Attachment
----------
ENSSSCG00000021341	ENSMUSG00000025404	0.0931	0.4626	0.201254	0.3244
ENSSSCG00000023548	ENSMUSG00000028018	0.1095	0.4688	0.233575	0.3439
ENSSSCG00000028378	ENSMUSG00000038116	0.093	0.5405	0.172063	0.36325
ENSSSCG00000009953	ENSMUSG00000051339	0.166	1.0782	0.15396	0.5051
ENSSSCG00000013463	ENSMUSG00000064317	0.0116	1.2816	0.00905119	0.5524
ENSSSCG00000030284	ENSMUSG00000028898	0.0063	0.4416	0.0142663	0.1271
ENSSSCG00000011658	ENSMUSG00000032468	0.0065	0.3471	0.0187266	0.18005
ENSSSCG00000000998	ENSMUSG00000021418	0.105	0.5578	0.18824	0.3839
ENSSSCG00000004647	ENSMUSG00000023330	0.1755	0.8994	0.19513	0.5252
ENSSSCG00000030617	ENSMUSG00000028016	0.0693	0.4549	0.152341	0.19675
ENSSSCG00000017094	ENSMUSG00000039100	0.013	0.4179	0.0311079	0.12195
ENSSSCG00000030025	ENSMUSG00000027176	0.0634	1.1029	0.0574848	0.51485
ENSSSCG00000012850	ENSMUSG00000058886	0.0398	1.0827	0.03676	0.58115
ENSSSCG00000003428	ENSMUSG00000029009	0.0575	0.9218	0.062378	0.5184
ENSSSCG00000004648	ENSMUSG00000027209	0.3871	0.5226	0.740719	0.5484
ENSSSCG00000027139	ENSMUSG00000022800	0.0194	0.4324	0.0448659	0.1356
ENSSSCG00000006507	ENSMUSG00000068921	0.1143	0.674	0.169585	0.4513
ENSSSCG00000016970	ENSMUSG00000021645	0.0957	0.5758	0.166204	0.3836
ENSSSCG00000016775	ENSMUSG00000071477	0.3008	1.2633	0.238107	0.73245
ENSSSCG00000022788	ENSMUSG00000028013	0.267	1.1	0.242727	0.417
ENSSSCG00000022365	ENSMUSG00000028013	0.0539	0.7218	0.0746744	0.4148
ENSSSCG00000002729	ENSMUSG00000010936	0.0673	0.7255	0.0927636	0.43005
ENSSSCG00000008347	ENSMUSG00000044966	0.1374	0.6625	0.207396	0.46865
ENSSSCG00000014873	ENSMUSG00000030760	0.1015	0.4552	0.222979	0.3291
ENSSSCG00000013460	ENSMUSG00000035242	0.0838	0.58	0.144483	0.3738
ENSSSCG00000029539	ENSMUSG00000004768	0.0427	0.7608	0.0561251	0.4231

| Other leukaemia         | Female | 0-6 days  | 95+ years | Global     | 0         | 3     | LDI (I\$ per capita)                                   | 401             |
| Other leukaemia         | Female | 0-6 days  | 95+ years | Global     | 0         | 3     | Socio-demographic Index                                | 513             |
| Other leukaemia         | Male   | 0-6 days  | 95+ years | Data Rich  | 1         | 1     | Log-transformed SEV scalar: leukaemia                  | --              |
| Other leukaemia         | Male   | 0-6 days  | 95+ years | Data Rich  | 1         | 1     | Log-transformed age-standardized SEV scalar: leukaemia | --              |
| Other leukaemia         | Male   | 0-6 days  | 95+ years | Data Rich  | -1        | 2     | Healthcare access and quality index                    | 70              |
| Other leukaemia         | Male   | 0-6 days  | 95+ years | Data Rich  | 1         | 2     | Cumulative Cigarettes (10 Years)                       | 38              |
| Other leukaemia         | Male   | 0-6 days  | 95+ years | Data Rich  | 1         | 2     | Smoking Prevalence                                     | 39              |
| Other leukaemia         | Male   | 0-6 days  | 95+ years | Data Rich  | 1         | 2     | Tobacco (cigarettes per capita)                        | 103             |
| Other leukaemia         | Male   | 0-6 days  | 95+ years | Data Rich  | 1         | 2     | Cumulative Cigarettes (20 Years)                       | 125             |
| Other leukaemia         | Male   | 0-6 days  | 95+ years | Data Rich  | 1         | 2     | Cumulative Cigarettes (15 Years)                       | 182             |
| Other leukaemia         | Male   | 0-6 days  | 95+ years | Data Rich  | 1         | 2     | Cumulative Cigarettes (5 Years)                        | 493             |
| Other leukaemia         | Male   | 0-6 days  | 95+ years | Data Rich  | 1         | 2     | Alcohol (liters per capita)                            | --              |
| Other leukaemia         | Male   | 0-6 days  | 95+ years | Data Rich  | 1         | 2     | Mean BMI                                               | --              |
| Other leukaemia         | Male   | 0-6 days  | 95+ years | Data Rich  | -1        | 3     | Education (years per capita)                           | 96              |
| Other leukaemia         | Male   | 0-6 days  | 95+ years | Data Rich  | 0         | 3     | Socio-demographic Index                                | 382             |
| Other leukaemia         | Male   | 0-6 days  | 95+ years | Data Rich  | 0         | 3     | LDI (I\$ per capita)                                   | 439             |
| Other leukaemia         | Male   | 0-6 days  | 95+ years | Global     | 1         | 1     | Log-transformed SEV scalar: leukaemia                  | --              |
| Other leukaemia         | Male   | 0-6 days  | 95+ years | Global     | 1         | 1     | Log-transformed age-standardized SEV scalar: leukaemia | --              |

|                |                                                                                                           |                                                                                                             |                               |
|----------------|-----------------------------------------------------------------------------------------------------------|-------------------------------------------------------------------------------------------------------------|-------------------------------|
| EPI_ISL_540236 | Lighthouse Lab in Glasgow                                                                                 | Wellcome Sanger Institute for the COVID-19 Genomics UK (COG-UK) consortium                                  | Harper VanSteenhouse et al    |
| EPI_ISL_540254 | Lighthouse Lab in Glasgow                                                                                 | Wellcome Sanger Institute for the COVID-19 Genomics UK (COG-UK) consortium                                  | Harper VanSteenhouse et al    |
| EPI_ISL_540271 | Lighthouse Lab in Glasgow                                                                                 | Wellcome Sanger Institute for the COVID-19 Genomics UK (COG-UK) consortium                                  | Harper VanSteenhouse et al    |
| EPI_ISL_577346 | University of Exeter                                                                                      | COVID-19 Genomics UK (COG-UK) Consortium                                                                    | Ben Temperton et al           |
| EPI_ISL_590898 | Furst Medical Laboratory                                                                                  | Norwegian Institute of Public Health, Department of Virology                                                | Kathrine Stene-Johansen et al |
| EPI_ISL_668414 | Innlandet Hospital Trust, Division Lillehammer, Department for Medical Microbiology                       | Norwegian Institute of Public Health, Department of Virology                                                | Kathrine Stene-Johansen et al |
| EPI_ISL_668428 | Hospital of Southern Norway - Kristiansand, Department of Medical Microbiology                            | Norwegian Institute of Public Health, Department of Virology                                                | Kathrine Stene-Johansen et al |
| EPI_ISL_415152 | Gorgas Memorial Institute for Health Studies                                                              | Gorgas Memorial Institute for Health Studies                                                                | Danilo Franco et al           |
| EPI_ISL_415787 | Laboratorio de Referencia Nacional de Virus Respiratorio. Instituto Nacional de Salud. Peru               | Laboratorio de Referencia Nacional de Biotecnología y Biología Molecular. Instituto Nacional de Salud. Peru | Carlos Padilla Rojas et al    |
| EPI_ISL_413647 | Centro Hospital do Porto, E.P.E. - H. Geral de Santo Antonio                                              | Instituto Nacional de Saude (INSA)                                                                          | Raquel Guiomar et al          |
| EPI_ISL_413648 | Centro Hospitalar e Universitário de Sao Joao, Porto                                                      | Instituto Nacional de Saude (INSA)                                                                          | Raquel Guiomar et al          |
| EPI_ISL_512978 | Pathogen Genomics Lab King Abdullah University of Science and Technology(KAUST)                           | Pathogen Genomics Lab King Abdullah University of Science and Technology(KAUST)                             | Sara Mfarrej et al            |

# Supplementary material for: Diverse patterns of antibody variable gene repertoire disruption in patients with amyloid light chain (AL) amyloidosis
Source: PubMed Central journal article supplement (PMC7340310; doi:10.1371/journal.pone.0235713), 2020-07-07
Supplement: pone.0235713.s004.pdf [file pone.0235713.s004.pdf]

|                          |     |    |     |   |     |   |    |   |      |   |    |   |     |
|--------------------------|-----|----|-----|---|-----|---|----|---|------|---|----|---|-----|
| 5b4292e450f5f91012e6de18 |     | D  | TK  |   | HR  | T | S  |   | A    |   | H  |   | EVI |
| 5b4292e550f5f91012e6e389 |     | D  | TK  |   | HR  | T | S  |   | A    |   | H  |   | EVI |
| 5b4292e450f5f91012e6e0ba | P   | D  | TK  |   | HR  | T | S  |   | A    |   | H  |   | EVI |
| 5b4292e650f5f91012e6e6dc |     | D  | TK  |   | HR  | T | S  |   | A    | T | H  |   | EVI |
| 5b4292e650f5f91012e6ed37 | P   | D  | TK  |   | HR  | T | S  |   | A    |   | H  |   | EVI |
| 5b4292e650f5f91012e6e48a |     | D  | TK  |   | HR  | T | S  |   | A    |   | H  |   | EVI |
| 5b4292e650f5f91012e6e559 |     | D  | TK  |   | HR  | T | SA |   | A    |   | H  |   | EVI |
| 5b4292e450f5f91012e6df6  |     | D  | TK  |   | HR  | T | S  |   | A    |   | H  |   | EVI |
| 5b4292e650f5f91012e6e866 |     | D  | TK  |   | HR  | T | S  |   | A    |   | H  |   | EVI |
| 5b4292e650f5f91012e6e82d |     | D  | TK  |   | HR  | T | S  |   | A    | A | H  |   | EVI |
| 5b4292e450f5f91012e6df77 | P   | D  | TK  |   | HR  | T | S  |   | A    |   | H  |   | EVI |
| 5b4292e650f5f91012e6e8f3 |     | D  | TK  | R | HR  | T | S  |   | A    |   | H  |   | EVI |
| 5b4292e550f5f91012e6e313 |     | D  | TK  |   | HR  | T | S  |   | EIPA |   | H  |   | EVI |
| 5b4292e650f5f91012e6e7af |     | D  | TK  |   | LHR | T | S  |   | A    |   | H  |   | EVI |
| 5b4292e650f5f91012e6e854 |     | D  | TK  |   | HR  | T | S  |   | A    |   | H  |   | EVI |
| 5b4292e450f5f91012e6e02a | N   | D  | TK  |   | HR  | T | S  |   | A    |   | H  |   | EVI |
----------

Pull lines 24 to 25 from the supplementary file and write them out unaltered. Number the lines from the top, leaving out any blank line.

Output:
ENSSSCG00000014873	ENSMUSG00000030760	0.1015	0.4552	0.222979	0.3291
ENSSSCG00000013460	ENSMUSG00000035242	0.0838	0.58	0.144483	0.3738